Italy before the elections: The pseudo-woman understander

Right-wing extremist Giorgia Meloni could become Italy's first female prime minister. But the situation of women would deteriorate.


Giorgia Meloni, President of the Friars of Italy (Fratelli d'Italia) Photo: Yara Nardi/Reuters

Feminists have long awaited her, the first woman prime minister in Italy, the first woman to head a country where patriarchy is still deeply rooted. And now, in all likelihood, it's here: Giorgia Meloni, 45 years oldin politics since her youth, leader of a far-right party called Brothers of Italy (Fratelli d'Italia), which still carries the neo-fascist flame in its logo.

If the current polls are confirmed, the first head of government could not come from the ranks of the Social Democrats or the moderate Conservatives, but of all things from a post-fascist party. Whereupon a debate flared up in Italy: Are the right more feminist than the left?

Admittedly, the Italian Social Democrats have overslept a lot in recent years. You underestimated Meloni, even as a woman, and didn't prioritize diversity. Laura Boldrini, former President of the Chamber of Deputiesonce said of her party, the Partito Democratico: “The currents crush the protagonists and prevent change.”

And yet the question of whether the parties in the right-wing coalition are more feminist than the others is wrong. Focusing exclusively on the number of women reduces feminism to a simple calculation. The presence of women at the top has an important function in initiating change and breaking down stubborn prejudices, but feminism is not primarily about seizing power, but about changing society in the interests of women and the disadvantaged. So the question should be: Will election favorite Giorgia Meloni stand up for women's rights? No, she won't.

Giorgia Meloni often addresses her womanhood and even more often her motherhood. She talks about her six-year-old daughter, whose name everyone now knows, and about the worries that many women with children experience. She speaks openly of the difficulties of combining work and family and the guilt she feels when she doesn't devote enough time to her daughter during the election campaign. She posts the cupcakes she bakes for the children's birthday party on social media and explains to a women's magazine that if she becomes prime minister, she will definitely not give up her role as a mother, because "women always organize themselves".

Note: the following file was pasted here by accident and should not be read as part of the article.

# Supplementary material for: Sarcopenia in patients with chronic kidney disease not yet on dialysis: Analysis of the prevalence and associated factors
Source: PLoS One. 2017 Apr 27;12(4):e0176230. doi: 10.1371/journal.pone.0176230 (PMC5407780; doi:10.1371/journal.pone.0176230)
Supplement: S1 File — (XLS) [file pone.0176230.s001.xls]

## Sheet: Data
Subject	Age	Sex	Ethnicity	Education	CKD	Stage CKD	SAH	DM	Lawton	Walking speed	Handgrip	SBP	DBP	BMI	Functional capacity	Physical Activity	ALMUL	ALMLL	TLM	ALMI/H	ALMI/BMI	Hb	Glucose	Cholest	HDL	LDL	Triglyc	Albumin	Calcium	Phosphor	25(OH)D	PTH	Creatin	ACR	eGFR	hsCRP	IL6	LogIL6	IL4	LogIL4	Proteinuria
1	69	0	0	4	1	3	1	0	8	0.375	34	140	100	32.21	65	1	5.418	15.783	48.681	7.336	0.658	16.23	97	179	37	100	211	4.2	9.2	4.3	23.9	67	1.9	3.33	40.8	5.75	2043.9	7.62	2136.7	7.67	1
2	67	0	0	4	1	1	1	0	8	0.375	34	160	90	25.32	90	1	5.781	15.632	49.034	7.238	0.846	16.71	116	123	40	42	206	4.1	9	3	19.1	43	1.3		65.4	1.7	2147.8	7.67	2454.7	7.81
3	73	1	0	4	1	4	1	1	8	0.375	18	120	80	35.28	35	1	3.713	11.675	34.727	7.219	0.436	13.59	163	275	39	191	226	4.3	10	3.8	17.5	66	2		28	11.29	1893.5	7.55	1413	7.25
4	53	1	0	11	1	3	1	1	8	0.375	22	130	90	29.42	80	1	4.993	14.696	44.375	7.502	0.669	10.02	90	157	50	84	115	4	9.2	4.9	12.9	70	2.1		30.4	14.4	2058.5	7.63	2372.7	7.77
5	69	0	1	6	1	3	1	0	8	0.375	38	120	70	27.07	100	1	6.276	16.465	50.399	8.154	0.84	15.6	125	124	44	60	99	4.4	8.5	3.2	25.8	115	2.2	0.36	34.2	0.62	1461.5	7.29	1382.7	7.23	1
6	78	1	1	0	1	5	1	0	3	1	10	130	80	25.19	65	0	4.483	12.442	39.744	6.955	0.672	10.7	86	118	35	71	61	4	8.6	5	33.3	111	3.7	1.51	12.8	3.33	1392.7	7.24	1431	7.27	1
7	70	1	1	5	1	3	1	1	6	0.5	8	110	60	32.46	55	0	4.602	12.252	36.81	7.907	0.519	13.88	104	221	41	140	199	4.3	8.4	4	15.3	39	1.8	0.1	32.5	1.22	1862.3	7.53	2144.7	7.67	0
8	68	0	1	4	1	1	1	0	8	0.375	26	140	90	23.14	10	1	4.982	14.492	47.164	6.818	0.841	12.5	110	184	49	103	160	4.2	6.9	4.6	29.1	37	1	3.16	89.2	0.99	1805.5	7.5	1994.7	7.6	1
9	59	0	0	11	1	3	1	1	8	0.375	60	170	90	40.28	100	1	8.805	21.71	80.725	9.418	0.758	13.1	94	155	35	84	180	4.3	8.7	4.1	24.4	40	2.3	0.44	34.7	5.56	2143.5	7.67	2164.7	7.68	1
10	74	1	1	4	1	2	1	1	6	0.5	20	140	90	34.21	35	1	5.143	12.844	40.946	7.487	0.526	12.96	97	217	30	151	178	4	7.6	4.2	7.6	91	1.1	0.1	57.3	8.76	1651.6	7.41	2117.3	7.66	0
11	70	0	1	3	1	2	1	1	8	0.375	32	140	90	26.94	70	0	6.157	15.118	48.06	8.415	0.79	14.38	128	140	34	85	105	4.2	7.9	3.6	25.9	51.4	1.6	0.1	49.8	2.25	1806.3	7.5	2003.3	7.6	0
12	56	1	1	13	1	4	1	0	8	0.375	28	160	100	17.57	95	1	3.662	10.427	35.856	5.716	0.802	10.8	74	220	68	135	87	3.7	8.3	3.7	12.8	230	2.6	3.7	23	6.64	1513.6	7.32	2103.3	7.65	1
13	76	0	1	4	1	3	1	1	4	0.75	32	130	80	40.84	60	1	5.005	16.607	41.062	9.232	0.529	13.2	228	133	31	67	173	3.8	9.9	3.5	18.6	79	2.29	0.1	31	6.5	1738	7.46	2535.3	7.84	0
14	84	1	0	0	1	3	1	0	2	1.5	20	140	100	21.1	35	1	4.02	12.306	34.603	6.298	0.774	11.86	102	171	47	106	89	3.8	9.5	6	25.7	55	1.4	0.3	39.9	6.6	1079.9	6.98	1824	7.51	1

One would now like to reply to Meloni that it is of course not true that mothers always manage to organize themselves, and that is the problem - especially in a country like Italy, which does not sufficiently support mothers and children and fathers no care -work expected. Meloni should know that, but she knows even better that the "solidarity among moms" she propagates creates a compassion that is otherwise sought in vain in this election campaign.

Her case is very reminiscent of Marine Le Pen: she, too, uses women's issues to woo women voters, but in reality she too rejects bills that would give women more rights. And she, too, uses the feminist discourse to spread racism and homophobia and transphobia - for example by paying enormous attention to every act of violence against women committed by migrants.

Giorgia Meloni is against the women's quotas that were introduced ten years ago on supervisory boards and wants to abolish them. In the European Parliament, her party voted against the proposal to reduce the gender pay gap. And then there's the issue of abortion, which many right-wing governments are campaigning against: Meloni says she doesn't want to ban abortion, but wants to promote measures that can dissuade women from making that choice.

What these measures are, she has catholic newspaper Avvenire tells - about the establishment of a fund for unwanted pregnant women and the support of abortion opponents and their counseling centers.

Difficult access to RU486

In the past, Meloni has advocated scrapping the RU486 abortion pill use guidelines, introduced two years ago, which say it's legal up to the ninth week of pregnancy (instead of just seven) and no longer requires inpatient hospitalization - just like in most European countries. Italian women who become pregnant would therefore face more difficult access to abortion; this is already the case in the central Italian region of Marche, where the party sits in government.

In just a few years, Meloni has managed to make her party more presentable and socially acceptable. She has softened her anti-EU stance and has spoken out clearly in favor of NATO and arms deliveries to Ukraine, unlike her possible coalition partner Matteo Salvini of the Lega. Targeting a more moderate audience, she has carried out a restyling like Marine Le Pen, albeit one that is more appearance than reality. Italian journalists call it the metamorphosis of Giorgia Meloni, and some seem to forget (or deliberately ignore) that their party stems from the neo-fascist movement.

But can one ignore the fact that she still uses slogans used by Mussolini, such as "God, fatherland, family"? Can one ignore the fact that Meloni, during the election campaign, presents herself as the woman next door who understands women and propagates the fascist image of women as Catholic housewives and mothers? One thing is already clear: they will make Italy a worse place for women.

Francesca Polistina is an Italian journalist living in Germany. She writes for various media and mainly deals with Italian politics and society. She previously worked for a local Italian newspaper.

Leader of a far-right party called Brothers of Italy (Fratelli d'Italia)

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